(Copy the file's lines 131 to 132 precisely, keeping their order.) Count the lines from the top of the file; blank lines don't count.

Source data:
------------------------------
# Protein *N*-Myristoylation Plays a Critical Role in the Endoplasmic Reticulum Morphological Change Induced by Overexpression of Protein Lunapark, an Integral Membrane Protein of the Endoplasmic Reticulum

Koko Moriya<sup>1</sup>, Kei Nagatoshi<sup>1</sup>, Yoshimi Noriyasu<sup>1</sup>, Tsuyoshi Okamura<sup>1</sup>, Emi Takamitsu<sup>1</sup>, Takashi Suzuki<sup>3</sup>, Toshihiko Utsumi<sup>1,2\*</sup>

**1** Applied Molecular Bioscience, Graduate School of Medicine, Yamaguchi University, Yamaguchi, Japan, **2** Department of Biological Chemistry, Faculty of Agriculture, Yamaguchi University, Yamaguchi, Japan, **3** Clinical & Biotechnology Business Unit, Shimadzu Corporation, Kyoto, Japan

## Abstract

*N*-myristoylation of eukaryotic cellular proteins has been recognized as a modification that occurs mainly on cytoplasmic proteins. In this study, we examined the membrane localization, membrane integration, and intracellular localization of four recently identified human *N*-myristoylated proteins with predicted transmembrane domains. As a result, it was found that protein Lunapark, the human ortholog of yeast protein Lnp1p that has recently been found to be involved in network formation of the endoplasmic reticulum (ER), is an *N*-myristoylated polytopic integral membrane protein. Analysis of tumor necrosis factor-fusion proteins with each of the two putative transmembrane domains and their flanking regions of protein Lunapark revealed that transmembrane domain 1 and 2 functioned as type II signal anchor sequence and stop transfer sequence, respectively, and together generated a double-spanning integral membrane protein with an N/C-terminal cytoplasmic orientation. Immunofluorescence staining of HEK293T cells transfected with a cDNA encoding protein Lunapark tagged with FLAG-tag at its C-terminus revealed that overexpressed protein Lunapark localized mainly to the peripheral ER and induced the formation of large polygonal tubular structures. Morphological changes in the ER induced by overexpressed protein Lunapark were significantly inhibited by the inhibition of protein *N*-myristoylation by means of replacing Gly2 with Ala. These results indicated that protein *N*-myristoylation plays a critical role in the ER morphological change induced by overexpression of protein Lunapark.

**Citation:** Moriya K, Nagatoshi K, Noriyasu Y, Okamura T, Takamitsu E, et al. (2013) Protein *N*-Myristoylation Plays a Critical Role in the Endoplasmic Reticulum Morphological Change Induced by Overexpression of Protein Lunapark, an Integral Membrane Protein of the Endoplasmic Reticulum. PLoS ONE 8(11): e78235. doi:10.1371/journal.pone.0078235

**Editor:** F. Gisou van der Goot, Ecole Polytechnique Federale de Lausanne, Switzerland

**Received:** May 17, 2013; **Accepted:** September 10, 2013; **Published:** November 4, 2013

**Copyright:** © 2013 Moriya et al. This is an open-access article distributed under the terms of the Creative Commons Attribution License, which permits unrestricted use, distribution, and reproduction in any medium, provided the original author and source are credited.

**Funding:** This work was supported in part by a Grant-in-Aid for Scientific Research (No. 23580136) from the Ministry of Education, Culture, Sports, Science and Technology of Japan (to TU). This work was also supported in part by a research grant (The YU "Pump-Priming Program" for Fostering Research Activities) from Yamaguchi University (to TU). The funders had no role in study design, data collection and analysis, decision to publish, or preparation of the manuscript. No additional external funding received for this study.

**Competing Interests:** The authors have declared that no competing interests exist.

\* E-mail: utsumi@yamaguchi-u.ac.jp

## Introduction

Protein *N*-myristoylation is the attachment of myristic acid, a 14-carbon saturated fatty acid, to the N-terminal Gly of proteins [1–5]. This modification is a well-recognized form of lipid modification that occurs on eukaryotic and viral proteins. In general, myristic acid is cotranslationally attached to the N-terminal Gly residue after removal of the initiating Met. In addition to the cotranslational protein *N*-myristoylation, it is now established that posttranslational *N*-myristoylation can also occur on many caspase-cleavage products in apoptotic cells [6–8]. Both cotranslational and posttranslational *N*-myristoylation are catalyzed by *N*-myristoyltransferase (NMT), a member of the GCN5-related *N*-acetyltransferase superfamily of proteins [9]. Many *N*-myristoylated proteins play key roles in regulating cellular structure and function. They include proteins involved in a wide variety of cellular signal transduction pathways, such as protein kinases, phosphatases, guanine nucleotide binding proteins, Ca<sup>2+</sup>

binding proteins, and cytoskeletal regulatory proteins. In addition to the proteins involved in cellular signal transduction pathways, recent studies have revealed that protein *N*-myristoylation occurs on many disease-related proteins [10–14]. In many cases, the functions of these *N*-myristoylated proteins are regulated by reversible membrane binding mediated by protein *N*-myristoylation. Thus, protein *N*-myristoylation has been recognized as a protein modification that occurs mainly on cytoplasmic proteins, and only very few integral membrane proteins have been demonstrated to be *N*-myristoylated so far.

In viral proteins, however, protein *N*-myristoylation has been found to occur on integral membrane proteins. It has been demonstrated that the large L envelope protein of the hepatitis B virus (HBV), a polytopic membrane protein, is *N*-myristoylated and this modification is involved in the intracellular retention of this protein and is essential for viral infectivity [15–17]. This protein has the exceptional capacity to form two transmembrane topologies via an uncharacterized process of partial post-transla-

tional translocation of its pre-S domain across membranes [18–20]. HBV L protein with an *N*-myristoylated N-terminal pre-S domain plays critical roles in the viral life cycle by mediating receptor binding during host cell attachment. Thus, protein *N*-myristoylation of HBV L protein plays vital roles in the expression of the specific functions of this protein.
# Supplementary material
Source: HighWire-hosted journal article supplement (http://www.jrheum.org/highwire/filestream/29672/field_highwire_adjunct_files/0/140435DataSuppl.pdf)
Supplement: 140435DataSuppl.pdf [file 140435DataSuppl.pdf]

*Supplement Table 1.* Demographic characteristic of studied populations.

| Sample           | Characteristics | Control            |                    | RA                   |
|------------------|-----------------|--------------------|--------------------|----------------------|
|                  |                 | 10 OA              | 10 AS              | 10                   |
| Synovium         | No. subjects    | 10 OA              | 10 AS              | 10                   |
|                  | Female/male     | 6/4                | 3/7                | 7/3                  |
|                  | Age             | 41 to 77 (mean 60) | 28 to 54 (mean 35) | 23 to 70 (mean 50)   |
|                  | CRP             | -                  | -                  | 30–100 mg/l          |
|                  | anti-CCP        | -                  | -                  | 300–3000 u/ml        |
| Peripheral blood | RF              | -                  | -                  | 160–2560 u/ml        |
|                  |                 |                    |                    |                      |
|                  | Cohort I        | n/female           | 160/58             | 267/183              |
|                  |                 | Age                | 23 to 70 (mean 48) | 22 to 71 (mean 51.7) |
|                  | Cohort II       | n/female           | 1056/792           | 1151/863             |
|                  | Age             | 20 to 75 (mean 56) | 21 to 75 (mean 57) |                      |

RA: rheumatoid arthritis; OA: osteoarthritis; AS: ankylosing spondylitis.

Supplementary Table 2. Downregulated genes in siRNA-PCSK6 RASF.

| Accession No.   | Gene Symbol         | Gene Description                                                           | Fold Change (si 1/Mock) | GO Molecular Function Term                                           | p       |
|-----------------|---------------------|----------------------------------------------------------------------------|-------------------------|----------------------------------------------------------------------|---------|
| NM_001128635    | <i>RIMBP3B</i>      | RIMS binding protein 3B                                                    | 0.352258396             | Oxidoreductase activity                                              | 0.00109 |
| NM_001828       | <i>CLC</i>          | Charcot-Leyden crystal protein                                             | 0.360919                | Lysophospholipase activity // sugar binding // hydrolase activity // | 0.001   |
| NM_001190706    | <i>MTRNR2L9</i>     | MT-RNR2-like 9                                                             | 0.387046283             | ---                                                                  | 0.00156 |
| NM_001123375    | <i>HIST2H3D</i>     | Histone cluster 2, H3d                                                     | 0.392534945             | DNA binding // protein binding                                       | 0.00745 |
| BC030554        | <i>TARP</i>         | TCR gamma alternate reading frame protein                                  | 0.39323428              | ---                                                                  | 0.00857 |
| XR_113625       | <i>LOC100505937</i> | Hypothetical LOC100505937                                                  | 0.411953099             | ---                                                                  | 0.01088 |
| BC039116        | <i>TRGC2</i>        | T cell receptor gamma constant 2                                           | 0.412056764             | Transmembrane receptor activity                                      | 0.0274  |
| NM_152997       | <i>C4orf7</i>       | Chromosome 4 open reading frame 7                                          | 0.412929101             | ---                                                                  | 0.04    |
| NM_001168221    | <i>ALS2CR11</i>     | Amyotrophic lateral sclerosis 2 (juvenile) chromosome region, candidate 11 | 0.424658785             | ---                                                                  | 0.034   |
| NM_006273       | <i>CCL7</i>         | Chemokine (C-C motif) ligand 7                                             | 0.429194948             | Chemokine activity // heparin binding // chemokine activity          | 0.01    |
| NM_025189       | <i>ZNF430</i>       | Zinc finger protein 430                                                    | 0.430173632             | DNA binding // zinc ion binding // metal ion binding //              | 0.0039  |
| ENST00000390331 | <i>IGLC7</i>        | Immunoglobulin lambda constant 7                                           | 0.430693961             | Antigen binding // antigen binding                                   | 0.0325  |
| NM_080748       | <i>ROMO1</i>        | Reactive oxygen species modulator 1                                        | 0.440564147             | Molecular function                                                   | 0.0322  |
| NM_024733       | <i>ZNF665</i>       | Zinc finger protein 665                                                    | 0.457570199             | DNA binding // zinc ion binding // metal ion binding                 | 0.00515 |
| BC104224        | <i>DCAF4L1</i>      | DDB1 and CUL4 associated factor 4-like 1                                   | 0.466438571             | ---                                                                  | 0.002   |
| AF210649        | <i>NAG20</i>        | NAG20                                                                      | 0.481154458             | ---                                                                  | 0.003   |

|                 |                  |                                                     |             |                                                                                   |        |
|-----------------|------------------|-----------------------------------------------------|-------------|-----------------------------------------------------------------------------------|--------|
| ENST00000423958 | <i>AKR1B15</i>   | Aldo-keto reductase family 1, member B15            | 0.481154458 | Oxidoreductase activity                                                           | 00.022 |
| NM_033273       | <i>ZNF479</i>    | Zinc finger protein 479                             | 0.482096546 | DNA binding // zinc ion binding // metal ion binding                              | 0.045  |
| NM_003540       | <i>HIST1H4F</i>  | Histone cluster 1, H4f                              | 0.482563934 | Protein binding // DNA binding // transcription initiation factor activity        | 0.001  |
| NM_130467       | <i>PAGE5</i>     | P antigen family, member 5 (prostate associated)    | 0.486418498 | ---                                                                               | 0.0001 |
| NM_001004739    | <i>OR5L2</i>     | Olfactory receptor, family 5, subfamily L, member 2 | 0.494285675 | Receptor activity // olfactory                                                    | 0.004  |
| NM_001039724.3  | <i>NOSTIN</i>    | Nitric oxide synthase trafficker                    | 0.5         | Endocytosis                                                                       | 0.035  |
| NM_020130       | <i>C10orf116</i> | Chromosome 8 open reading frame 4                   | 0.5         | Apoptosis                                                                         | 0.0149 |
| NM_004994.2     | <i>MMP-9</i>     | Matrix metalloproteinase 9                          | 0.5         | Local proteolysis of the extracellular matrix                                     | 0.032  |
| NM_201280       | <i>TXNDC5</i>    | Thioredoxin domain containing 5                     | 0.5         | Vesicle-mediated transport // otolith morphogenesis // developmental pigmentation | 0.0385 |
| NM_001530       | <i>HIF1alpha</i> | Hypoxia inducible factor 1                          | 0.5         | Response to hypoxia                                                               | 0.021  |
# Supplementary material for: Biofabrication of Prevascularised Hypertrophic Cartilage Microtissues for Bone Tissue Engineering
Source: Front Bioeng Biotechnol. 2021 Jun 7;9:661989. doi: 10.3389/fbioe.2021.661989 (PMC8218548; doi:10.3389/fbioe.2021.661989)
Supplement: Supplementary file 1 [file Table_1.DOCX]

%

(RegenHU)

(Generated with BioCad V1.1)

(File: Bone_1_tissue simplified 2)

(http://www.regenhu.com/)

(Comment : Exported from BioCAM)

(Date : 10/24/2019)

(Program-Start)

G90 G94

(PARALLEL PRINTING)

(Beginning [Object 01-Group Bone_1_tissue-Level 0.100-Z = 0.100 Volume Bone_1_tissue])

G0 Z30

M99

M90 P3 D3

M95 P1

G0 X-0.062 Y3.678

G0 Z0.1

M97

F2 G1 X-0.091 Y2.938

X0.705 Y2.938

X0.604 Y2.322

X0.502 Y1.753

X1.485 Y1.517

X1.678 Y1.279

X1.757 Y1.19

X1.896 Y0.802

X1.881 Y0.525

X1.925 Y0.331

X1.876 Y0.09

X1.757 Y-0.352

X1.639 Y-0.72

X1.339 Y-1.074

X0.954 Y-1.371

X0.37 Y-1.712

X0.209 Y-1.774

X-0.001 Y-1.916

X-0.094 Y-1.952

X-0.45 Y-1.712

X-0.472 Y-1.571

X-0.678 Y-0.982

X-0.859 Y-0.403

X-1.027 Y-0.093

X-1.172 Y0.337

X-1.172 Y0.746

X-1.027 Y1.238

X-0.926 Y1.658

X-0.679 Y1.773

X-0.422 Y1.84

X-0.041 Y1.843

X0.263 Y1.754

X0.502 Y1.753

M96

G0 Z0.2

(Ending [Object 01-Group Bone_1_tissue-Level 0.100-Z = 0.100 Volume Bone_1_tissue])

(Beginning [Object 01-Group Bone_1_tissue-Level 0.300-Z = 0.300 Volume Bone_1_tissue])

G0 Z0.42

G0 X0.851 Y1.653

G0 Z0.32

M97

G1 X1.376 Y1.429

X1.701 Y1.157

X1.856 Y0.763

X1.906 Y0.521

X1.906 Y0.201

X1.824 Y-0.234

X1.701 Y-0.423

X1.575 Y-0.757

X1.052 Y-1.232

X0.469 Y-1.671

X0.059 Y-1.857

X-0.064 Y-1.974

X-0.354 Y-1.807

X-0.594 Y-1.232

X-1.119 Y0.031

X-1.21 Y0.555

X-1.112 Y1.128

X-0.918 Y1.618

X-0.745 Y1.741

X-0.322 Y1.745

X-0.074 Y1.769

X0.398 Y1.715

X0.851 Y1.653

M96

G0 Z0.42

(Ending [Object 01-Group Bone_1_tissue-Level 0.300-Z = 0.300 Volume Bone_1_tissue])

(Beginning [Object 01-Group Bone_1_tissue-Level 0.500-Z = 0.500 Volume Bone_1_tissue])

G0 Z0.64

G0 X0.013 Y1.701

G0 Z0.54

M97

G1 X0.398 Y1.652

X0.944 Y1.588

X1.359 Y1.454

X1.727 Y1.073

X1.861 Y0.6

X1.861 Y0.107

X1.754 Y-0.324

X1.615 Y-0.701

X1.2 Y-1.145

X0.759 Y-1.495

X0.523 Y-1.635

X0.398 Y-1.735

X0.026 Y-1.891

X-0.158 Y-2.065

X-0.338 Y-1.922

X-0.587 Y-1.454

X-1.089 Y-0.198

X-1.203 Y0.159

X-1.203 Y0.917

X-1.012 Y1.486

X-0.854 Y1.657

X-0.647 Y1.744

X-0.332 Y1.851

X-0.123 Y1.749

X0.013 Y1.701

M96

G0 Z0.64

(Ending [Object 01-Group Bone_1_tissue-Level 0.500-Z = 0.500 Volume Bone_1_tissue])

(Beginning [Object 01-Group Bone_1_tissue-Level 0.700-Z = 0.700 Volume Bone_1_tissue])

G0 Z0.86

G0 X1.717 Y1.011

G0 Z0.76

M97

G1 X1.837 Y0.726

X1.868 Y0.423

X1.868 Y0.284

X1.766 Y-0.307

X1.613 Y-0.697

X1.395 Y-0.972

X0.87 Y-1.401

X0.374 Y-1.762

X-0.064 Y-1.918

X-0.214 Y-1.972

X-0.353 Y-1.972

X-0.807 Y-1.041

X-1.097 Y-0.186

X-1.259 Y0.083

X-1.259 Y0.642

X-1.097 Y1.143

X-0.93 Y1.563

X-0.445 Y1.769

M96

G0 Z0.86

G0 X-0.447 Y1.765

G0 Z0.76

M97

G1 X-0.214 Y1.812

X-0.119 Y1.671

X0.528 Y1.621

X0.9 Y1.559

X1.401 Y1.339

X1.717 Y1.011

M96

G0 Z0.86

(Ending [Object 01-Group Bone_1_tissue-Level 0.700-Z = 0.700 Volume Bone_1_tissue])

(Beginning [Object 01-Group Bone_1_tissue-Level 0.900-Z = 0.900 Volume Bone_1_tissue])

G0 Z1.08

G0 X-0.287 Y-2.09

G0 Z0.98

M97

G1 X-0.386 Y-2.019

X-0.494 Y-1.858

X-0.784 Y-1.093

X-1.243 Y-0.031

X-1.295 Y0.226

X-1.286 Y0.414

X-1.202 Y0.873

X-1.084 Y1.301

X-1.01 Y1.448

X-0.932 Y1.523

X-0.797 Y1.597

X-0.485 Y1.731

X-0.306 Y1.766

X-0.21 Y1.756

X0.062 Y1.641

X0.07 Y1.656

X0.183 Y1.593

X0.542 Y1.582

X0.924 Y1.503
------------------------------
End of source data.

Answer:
X1.701 Y1.157

X1.856 Y0.763